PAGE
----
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New to Tea?  



Tea derives from the leaves of Camellia Sinensis, an evergreen plant that is indigenous to China and India. The plant was later introduced to Japan and many parts of Southeast Asia.

Many people are surprised to learn that all teas, white, green, oolong and black, are made from the leaves of the Camellia Sinensis plant. The significant differences of each tea type develop in the processing of the leaves.

The distinguishing factor that determines whether a tea plant will become white, green, oolong, or black tea is oxidation. Oxidation begins after the leaf has been plucked from the plant, and begins a process of being dried, withered, rolled, and heat treated. A black tea is fully oxidized, causing it to turn black, while a white tea is barely oxidized at all.


The tea bagged tea is actually what you call ‘fanning’ or the left overs from sorting loose leaf tea.  And this is one very important reason why loose tea leaves are a better option.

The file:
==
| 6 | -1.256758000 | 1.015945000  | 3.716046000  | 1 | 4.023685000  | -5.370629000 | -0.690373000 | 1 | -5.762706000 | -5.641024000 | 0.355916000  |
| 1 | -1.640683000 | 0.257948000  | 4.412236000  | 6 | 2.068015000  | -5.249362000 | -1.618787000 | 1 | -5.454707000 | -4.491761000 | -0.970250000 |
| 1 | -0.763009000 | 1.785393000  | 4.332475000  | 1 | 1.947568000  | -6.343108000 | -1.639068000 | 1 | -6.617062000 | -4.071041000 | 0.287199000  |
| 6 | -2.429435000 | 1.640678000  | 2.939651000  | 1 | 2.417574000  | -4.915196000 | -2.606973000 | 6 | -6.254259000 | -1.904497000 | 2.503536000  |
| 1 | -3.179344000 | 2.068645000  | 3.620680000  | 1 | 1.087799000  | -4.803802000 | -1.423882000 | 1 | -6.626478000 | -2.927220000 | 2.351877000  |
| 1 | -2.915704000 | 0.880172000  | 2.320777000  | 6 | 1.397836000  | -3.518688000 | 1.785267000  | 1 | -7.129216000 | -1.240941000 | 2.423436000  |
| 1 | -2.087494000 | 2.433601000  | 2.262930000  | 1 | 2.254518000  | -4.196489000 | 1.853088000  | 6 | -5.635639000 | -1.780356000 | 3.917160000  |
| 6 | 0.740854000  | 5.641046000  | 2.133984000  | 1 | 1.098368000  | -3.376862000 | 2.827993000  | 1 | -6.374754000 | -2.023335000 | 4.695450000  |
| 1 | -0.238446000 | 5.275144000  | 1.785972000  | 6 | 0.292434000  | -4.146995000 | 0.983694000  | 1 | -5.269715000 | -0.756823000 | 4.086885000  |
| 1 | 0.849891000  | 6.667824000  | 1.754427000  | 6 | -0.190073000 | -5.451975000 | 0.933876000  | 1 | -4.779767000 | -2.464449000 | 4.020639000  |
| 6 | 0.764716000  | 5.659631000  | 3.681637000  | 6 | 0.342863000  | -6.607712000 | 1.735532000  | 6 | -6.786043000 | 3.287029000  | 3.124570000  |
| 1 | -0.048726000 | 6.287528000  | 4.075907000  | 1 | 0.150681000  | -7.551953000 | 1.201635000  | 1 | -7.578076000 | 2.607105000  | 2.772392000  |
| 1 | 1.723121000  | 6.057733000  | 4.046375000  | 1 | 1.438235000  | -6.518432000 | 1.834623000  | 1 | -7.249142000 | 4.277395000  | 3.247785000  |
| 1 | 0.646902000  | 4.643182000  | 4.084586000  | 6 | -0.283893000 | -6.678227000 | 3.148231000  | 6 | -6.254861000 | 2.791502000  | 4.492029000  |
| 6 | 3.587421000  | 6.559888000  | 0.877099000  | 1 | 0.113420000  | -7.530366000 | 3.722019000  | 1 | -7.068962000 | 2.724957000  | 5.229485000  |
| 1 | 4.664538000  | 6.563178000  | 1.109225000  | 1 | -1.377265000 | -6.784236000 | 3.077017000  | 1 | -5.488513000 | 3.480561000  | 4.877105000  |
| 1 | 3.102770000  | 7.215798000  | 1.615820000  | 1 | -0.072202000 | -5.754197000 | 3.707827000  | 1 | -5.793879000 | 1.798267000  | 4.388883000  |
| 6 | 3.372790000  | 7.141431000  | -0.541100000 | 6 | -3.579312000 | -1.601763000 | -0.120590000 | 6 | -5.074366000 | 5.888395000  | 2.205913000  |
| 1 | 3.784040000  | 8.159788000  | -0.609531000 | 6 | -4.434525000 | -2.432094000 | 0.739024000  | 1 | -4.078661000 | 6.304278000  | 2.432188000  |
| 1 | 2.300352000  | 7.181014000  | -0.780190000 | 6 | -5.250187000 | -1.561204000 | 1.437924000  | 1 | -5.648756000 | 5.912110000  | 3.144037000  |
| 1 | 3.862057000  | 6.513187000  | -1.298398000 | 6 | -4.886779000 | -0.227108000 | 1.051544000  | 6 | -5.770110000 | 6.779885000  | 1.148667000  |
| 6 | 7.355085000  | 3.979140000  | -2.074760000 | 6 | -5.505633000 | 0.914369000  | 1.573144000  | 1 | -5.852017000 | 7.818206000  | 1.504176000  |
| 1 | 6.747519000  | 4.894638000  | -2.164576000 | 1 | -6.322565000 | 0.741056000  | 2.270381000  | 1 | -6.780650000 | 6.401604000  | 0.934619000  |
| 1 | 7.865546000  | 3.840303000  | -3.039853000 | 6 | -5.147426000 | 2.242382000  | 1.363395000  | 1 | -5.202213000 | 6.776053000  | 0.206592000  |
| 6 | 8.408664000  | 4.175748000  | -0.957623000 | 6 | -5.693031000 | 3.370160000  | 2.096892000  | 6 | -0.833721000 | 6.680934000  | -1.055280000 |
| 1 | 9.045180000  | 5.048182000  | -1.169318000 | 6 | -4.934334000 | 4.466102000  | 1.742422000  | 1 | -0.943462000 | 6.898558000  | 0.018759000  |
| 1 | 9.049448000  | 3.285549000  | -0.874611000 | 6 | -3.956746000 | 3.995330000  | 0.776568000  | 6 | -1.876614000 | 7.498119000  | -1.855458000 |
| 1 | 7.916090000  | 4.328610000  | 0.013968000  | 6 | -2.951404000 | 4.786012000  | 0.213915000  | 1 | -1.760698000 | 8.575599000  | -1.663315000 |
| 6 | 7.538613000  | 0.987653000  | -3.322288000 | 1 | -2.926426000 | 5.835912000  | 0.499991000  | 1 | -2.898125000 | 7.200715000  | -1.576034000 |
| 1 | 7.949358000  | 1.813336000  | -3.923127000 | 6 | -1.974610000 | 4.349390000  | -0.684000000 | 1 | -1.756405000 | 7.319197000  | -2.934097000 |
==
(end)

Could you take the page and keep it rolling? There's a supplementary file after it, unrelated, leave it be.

Secondly, your tea leaves should be able to swirl freely in the water in which they are steeping to get the full flavor.  Tea bags don’t have enough space for water circulation, something which is really essential for the leaves to unfurl and develop their full flavor.

Teabags tend to go stale more quickly. Loose Leaf Tea can stay fresh for up to two years, if properly stored in an airtight container and kept in a cool, dark place, like a cabinet.   Once you have tasted Loose Leaf Tea, you will definitely be able to taste the difference-there is no comparison.